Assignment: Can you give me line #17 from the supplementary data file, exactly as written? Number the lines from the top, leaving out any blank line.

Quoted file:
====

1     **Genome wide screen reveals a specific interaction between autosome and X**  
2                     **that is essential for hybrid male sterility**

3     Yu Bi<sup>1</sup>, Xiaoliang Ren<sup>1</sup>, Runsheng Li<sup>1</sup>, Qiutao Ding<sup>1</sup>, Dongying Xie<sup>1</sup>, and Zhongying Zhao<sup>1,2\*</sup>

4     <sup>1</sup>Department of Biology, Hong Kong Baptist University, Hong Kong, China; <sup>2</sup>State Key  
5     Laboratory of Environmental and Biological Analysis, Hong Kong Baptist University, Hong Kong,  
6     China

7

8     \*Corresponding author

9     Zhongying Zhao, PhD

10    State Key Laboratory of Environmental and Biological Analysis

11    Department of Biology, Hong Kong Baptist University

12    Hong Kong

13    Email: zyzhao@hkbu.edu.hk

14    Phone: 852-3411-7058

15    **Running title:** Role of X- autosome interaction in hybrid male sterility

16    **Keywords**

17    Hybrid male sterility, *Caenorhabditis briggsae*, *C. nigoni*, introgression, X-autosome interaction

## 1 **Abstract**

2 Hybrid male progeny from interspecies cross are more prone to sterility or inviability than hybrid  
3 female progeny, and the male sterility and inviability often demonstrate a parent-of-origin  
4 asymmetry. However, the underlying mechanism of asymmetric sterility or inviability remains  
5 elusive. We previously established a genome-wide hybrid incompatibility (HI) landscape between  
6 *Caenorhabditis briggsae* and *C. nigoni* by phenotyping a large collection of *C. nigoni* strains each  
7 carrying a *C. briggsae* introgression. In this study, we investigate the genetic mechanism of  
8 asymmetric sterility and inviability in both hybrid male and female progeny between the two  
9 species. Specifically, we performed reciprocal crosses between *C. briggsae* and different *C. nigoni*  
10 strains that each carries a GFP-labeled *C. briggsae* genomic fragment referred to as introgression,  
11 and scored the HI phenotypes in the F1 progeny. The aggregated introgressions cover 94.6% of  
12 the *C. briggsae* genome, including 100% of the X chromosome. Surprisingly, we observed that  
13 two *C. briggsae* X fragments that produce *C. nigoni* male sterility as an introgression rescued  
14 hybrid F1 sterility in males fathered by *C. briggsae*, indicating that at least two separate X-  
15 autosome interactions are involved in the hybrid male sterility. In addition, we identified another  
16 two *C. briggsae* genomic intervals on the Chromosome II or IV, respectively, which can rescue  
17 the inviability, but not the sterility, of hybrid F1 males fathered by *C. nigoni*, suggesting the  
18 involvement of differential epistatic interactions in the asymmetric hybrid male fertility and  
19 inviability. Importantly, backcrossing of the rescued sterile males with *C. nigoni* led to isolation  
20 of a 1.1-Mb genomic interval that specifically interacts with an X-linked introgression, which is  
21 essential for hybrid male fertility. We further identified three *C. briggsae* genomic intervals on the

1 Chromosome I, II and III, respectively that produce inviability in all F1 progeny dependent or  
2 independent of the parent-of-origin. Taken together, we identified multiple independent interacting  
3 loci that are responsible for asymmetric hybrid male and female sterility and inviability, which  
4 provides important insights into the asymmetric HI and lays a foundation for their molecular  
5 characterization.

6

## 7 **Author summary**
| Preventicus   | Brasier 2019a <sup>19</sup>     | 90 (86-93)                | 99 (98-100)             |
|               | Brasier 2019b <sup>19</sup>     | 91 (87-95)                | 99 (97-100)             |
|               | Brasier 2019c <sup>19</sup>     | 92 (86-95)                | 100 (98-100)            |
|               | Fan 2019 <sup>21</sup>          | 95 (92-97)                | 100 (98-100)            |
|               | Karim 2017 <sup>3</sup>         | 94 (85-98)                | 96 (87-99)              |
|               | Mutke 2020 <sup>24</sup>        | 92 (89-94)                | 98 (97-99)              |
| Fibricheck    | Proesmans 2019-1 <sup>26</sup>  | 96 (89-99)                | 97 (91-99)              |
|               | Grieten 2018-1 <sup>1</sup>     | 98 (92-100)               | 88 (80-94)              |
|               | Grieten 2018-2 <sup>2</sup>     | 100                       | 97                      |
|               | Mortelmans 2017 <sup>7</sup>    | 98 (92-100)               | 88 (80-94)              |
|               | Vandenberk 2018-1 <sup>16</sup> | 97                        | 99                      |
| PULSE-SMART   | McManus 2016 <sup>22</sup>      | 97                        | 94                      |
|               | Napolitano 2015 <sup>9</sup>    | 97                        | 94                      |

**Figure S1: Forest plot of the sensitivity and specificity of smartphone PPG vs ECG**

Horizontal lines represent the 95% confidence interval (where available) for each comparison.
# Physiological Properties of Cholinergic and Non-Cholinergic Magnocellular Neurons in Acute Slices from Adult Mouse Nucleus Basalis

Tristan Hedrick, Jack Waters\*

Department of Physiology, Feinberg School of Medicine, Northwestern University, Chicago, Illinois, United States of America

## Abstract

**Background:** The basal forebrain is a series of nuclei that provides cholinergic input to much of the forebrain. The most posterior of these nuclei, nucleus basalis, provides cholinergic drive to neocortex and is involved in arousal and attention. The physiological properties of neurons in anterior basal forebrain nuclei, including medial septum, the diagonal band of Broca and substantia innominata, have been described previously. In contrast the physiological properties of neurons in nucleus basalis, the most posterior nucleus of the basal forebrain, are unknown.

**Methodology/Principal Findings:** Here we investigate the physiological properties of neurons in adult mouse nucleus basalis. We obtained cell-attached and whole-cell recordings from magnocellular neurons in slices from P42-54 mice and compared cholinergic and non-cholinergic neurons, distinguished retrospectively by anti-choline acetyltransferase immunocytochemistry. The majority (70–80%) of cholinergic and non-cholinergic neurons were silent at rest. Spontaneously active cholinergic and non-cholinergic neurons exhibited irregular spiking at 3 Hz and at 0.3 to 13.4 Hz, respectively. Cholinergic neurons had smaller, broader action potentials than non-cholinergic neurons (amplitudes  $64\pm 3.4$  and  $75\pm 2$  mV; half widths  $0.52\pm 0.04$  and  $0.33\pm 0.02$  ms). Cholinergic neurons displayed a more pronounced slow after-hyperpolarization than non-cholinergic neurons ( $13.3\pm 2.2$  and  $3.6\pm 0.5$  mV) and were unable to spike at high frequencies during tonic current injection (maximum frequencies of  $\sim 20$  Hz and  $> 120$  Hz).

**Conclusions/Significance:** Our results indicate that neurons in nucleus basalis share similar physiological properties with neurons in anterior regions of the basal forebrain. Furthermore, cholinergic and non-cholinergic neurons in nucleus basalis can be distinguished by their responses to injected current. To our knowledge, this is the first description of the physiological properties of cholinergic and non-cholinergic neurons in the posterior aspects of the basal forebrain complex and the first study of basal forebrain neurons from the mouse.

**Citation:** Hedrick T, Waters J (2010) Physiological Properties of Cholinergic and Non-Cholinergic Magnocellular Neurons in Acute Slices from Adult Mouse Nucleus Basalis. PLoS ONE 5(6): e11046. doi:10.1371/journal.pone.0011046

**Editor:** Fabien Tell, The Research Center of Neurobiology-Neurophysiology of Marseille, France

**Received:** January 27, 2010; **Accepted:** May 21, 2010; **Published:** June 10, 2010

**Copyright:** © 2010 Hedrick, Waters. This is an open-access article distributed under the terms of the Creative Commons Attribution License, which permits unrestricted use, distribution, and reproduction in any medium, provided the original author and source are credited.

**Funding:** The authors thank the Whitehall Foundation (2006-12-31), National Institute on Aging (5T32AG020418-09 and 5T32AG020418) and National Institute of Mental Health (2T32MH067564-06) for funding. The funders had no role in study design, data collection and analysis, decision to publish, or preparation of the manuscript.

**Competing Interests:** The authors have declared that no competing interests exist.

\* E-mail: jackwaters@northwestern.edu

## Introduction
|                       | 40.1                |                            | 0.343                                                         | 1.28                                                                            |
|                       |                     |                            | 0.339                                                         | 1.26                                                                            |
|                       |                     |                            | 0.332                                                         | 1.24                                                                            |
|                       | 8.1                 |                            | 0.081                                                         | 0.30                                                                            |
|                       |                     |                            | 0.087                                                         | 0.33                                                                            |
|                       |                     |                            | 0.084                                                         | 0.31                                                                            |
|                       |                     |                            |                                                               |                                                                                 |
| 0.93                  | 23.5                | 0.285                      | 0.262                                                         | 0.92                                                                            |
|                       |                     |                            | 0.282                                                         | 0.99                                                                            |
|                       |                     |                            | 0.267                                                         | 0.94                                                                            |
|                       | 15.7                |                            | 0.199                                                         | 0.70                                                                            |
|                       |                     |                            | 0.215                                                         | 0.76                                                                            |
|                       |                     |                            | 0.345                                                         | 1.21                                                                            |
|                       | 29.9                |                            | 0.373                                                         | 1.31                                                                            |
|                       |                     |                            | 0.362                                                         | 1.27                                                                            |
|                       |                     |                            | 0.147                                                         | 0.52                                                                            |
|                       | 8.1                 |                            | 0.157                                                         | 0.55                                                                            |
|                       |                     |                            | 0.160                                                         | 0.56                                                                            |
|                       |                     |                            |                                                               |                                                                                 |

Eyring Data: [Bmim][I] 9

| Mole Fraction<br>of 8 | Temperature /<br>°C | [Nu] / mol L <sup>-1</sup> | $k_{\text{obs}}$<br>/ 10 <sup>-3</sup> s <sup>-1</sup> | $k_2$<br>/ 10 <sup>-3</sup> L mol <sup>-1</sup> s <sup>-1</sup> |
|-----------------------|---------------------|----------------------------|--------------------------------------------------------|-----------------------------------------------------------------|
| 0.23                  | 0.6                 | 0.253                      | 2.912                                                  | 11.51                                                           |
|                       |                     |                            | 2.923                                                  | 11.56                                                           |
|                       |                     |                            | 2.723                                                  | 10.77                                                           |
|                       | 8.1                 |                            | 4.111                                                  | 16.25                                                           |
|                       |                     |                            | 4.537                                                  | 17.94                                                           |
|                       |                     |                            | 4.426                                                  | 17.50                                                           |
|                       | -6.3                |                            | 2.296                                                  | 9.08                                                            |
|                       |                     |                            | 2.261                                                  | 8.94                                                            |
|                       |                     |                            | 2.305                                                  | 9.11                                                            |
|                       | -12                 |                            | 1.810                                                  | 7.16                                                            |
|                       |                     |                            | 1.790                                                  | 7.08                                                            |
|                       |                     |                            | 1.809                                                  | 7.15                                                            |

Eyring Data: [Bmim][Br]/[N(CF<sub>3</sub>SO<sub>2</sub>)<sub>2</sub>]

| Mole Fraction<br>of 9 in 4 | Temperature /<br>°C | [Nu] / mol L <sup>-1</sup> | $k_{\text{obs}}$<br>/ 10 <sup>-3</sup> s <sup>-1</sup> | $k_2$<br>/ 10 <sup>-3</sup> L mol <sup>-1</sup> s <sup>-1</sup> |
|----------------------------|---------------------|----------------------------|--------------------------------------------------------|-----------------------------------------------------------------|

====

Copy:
17    Hybrid male sterility, *Caenorhabditis briggsae*, *C. nigoni*, introgression, X-autosome interaction